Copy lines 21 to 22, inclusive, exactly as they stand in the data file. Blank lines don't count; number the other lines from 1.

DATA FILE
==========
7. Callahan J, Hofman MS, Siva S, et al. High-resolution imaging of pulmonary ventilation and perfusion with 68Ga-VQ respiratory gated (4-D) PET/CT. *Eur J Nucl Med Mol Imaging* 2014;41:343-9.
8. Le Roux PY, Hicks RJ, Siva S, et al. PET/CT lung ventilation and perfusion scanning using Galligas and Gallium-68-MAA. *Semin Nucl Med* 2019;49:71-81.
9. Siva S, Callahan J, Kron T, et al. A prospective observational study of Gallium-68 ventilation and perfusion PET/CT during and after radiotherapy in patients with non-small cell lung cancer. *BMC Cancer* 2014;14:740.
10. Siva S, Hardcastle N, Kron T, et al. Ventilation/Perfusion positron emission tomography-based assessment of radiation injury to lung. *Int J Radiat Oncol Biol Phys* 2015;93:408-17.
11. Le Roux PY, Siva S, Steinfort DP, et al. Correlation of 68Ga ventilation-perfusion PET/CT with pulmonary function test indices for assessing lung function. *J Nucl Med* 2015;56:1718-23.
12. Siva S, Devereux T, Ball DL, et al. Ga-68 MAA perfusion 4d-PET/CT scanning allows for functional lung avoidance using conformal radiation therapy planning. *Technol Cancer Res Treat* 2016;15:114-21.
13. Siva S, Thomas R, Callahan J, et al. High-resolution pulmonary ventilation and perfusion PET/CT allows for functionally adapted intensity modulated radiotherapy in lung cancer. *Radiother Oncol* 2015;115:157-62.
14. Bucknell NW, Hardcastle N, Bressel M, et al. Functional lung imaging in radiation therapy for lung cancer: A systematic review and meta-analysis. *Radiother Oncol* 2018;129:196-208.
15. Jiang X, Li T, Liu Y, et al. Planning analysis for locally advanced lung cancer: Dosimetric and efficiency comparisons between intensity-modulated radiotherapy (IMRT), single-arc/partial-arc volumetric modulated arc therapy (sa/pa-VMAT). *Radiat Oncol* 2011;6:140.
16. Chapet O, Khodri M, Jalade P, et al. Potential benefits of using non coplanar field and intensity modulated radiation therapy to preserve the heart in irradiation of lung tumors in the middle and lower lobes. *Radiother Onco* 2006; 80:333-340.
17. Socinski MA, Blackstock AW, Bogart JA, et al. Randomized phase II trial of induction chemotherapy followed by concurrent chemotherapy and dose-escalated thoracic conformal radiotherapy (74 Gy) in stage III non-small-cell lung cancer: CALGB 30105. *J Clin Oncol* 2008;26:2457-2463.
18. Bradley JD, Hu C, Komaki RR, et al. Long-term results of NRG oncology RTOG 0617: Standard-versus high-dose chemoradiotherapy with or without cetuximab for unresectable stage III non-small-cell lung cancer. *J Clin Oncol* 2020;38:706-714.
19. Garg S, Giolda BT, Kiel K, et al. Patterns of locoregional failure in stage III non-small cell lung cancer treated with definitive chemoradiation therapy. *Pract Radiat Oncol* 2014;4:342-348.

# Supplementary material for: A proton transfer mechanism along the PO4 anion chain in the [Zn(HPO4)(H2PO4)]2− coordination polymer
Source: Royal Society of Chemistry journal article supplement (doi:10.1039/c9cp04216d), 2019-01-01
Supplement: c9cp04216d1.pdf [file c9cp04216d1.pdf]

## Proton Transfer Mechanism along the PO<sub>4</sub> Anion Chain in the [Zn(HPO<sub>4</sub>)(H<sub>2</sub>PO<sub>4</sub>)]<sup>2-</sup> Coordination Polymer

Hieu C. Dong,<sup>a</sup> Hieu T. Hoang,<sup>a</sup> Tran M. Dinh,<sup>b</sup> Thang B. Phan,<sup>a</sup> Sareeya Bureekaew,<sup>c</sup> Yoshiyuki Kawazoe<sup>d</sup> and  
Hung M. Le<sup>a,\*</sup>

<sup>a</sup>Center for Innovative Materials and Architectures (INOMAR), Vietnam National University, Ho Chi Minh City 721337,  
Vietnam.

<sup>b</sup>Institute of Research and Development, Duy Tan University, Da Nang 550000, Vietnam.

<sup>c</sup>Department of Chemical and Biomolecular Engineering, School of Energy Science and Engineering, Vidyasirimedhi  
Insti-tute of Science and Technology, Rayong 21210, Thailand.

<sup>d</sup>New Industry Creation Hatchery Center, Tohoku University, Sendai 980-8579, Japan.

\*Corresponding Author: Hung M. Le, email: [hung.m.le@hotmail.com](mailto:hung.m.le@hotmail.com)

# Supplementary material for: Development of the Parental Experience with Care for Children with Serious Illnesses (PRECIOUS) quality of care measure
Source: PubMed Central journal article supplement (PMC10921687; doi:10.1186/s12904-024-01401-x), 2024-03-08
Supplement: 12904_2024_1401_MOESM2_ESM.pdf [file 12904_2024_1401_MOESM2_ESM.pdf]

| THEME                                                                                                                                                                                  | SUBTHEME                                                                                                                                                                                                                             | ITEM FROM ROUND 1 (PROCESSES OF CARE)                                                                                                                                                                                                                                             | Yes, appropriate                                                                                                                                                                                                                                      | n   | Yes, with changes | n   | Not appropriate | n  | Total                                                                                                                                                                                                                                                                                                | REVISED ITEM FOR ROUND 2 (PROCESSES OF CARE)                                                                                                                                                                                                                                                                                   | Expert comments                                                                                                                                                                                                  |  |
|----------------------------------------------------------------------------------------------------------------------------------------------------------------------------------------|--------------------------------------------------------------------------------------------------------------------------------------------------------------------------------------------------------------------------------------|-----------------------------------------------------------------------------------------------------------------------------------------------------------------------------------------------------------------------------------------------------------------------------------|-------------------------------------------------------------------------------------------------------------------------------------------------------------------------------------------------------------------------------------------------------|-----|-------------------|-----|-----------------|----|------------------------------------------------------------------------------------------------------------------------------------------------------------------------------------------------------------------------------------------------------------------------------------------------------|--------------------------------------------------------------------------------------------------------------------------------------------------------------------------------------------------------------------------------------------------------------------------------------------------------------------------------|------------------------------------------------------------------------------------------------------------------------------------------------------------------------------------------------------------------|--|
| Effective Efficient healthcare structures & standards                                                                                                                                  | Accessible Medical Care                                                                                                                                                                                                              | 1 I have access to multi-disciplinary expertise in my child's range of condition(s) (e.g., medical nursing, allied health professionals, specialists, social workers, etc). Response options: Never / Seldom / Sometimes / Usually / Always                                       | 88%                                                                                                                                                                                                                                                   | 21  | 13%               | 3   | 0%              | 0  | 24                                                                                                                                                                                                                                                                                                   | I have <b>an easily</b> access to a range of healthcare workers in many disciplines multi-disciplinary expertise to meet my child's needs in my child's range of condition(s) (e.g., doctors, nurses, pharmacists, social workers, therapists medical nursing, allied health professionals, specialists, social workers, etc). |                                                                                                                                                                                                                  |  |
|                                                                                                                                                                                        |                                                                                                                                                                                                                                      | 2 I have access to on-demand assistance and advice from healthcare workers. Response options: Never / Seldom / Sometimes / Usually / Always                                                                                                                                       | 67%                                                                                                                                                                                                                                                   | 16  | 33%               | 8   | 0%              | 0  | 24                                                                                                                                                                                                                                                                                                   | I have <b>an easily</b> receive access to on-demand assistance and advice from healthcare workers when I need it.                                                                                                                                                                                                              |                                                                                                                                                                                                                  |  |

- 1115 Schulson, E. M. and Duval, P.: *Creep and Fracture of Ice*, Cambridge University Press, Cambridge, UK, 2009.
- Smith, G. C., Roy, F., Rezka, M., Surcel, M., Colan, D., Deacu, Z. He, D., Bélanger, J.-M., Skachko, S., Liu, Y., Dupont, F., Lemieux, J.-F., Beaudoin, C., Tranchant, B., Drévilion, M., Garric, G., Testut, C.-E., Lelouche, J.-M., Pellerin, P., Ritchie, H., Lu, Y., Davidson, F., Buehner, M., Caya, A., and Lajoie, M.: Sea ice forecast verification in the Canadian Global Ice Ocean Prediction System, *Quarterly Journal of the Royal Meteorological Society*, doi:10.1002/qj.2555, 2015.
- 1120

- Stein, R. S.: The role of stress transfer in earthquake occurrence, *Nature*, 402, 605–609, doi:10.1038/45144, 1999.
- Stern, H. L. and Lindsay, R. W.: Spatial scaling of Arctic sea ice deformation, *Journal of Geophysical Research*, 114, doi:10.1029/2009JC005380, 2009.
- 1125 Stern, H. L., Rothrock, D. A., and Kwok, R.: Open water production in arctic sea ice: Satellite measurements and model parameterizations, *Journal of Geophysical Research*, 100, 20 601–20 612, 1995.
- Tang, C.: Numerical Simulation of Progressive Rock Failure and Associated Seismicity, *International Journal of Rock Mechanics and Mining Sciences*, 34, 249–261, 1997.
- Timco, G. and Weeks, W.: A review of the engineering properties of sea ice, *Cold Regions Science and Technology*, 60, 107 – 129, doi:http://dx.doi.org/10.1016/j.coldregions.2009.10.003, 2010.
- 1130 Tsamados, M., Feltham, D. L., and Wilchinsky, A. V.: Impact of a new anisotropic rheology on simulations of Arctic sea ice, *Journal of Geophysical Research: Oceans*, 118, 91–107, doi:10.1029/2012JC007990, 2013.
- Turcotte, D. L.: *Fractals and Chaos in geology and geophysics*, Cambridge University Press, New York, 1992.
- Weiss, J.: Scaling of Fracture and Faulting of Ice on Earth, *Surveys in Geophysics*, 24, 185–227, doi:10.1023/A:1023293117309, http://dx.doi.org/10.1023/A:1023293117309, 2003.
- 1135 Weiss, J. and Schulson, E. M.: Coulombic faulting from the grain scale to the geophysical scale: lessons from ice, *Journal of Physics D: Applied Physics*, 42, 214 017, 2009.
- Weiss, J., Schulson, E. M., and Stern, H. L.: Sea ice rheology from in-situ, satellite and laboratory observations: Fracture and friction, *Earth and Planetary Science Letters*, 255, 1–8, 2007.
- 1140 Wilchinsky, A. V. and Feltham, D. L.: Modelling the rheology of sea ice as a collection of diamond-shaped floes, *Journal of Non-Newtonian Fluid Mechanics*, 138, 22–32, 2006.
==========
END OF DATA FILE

Vietnam.

<sup>b</sup>Institute of Research and Development, Duy Tan University, Da Nang 550000, Vietnam.